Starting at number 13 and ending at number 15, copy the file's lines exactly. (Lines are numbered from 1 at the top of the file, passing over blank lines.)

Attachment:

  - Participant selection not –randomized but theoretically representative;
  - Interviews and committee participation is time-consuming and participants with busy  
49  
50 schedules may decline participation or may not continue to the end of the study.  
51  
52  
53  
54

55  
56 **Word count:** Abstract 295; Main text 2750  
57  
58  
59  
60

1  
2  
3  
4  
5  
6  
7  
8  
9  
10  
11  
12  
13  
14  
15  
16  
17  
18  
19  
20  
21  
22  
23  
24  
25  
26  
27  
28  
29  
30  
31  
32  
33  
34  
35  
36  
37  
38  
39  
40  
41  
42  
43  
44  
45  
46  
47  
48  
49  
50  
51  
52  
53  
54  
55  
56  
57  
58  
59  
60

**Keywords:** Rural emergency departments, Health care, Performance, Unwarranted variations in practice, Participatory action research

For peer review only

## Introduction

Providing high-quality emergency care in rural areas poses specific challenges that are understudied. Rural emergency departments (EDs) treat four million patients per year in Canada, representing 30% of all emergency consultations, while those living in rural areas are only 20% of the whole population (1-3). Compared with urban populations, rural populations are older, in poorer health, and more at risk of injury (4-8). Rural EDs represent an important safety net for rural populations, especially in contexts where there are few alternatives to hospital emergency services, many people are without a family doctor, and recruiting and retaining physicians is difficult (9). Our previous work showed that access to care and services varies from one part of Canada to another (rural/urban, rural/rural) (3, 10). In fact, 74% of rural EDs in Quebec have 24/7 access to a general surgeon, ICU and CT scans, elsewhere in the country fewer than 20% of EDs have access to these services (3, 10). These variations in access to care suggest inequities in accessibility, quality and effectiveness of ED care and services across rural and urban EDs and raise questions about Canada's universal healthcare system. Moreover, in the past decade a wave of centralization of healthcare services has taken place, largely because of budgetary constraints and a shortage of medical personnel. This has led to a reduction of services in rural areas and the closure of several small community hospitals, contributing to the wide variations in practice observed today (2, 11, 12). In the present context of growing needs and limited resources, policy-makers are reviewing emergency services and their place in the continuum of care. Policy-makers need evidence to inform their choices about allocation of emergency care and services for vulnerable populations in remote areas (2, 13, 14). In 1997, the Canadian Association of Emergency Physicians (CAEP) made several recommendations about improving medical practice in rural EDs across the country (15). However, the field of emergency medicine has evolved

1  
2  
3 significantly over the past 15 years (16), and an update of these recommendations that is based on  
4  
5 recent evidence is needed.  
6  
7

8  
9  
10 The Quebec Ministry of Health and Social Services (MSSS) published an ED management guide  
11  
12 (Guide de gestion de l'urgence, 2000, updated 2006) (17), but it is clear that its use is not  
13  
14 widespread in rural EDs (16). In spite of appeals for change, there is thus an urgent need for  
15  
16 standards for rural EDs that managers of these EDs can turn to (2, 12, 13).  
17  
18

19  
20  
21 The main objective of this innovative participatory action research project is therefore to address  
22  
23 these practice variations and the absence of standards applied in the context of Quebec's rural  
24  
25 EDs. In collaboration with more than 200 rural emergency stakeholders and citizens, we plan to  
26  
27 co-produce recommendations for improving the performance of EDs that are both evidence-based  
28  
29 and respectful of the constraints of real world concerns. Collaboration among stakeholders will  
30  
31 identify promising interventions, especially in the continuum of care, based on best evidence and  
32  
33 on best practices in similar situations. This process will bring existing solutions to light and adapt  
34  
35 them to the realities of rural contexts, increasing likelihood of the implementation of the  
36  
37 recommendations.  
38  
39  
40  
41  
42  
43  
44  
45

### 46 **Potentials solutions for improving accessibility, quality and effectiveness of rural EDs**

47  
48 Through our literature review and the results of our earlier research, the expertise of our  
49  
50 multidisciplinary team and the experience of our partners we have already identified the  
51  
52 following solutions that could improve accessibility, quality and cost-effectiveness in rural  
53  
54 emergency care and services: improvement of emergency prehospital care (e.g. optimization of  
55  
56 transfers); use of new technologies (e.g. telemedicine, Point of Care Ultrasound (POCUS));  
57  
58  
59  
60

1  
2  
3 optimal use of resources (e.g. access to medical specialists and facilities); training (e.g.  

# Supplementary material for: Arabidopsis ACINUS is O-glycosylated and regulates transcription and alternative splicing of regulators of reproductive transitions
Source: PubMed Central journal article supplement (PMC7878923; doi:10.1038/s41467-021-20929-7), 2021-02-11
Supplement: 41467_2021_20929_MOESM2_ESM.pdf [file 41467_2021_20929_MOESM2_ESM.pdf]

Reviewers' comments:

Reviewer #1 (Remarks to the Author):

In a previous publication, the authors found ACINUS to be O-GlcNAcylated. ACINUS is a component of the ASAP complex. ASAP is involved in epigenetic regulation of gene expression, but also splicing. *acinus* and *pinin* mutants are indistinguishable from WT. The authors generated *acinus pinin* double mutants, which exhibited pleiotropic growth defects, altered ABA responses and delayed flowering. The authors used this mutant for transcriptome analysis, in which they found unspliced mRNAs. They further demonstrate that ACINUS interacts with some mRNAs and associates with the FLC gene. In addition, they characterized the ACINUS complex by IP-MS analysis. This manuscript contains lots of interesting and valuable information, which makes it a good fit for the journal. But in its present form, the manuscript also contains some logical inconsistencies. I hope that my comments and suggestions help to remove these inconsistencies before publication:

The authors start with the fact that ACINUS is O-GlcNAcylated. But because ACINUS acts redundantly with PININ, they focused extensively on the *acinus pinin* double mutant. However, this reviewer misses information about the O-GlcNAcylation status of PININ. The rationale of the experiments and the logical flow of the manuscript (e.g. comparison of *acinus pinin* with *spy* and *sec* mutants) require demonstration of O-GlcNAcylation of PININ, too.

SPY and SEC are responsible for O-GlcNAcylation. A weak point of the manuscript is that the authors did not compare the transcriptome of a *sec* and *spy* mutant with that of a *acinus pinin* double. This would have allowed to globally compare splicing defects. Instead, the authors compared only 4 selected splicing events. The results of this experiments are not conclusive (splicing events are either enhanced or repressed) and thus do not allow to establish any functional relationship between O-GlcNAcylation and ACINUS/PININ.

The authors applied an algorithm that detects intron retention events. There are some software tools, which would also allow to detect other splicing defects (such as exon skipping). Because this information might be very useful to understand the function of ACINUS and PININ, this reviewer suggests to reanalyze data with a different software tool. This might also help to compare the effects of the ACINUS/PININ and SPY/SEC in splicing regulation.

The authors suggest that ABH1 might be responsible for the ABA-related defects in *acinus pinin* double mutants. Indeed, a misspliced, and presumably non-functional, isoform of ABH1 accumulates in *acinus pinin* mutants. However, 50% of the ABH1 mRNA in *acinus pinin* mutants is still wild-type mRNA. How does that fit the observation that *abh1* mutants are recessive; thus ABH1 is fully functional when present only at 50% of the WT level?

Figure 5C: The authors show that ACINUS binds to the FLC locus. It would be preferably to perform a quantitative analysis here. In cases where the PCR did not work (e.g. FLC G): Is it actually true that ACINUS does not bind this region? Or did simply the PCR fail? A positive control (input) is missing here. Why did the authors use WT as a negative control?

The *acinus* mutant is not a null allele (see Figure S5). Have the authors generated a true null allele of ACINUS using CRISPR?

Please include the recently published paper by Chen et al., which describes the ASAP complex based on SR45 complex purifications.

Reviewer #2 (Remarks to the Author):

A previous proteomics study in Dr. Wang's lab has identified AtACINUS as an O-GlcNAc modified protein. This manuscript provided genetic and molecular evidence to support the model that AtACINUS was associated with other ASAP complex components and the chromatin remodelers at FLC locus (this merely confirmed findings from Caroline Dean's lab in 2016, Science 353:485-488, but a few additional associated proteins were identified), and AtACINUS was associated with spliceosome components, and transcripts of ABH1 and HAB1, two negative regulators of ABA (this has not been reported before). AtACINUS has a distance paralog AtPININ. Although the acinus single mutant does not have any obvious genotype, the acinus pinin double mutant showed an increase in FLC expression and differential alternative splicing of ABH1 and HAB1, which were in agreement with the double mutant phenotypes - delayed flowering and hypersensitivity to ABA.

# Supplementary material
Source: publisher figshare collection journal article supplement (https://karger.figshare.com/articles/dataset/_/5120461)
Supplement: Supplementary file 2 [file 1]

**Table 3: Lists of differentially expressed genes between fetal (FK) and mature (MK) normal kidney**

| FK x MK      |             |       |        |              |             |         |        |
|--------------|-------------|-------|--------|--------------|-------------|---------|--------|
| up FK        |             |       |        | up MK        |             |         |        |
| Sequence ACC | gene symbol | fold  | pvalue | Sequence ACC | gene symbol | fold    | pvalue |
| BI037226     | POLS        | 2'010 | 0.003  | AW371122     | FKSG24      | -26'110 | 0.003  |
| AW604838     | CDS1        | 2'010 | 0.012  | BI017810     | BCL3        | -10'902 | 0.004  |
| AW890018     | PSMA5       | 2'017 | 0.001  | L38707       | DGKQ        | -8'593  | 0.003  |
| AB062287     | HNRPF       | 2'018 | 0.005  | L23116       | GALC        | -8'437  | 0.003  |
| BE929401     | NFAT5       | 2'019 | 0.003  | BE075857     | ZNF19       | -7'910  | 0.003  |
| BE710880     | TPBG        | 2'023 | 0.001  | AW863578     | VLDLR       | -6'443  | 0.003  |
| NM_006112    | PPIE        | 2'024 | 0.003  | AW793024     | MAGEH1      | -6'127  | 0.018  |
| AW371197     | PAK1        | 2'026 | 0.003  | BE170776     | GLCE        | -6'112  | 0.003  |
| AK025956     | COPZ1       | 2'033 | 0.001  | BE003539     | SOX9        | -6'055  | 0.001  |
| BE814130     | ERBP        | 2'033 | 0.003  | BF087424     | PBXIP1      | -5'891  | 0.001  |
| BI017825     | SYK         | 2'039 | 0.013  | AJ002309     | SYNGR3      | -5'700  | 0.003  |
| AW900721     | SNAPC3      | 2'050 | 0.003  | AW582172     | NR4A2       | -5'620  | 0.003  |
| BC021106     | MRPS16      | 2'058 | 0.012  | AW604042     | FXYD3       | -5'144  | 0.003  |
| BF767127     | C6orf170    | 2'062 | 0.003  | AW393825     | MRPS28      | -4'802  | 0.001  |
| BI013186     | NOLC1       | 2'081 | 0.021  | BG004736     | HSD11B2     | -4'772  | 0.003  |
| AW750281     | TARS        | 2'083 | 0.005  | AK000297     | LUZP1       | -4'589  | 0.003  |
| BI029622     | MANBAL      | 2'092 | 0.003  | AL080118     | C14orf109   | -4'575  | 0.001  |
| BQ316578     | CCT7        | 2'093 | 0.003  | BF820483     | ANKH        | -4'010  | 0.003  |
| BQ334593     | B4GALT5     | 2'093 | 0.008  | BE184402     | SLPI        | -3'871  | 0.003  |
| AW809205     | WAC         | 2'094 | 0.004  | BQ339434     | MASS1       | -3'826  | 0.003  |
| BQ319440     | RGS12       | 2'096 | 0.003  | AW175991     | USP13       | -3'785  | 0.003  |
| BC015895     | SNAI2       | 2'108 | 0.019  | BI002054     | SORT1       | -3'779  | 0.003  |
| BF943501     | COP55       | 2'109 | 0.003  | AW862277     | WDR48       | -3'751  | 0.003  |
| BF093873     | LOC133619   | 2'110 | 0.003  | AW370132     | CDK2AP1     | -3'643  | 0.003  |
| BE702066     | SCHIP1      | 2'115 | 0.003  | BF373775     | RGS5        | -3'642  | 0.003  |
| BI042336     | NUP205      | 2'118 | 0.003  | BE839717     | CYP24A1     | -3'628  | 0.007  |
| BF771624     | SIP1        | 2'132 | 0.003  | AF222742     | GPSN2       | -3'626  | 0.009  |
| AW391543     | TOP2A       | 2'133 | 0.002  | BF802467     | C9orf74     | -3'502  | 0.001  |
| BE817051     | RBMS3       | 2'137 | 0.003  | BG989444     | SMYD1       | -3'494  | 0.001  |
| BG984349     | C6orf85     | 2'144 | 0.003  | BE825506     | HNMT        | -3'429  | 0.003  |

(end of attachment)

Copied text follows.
59  
60

1  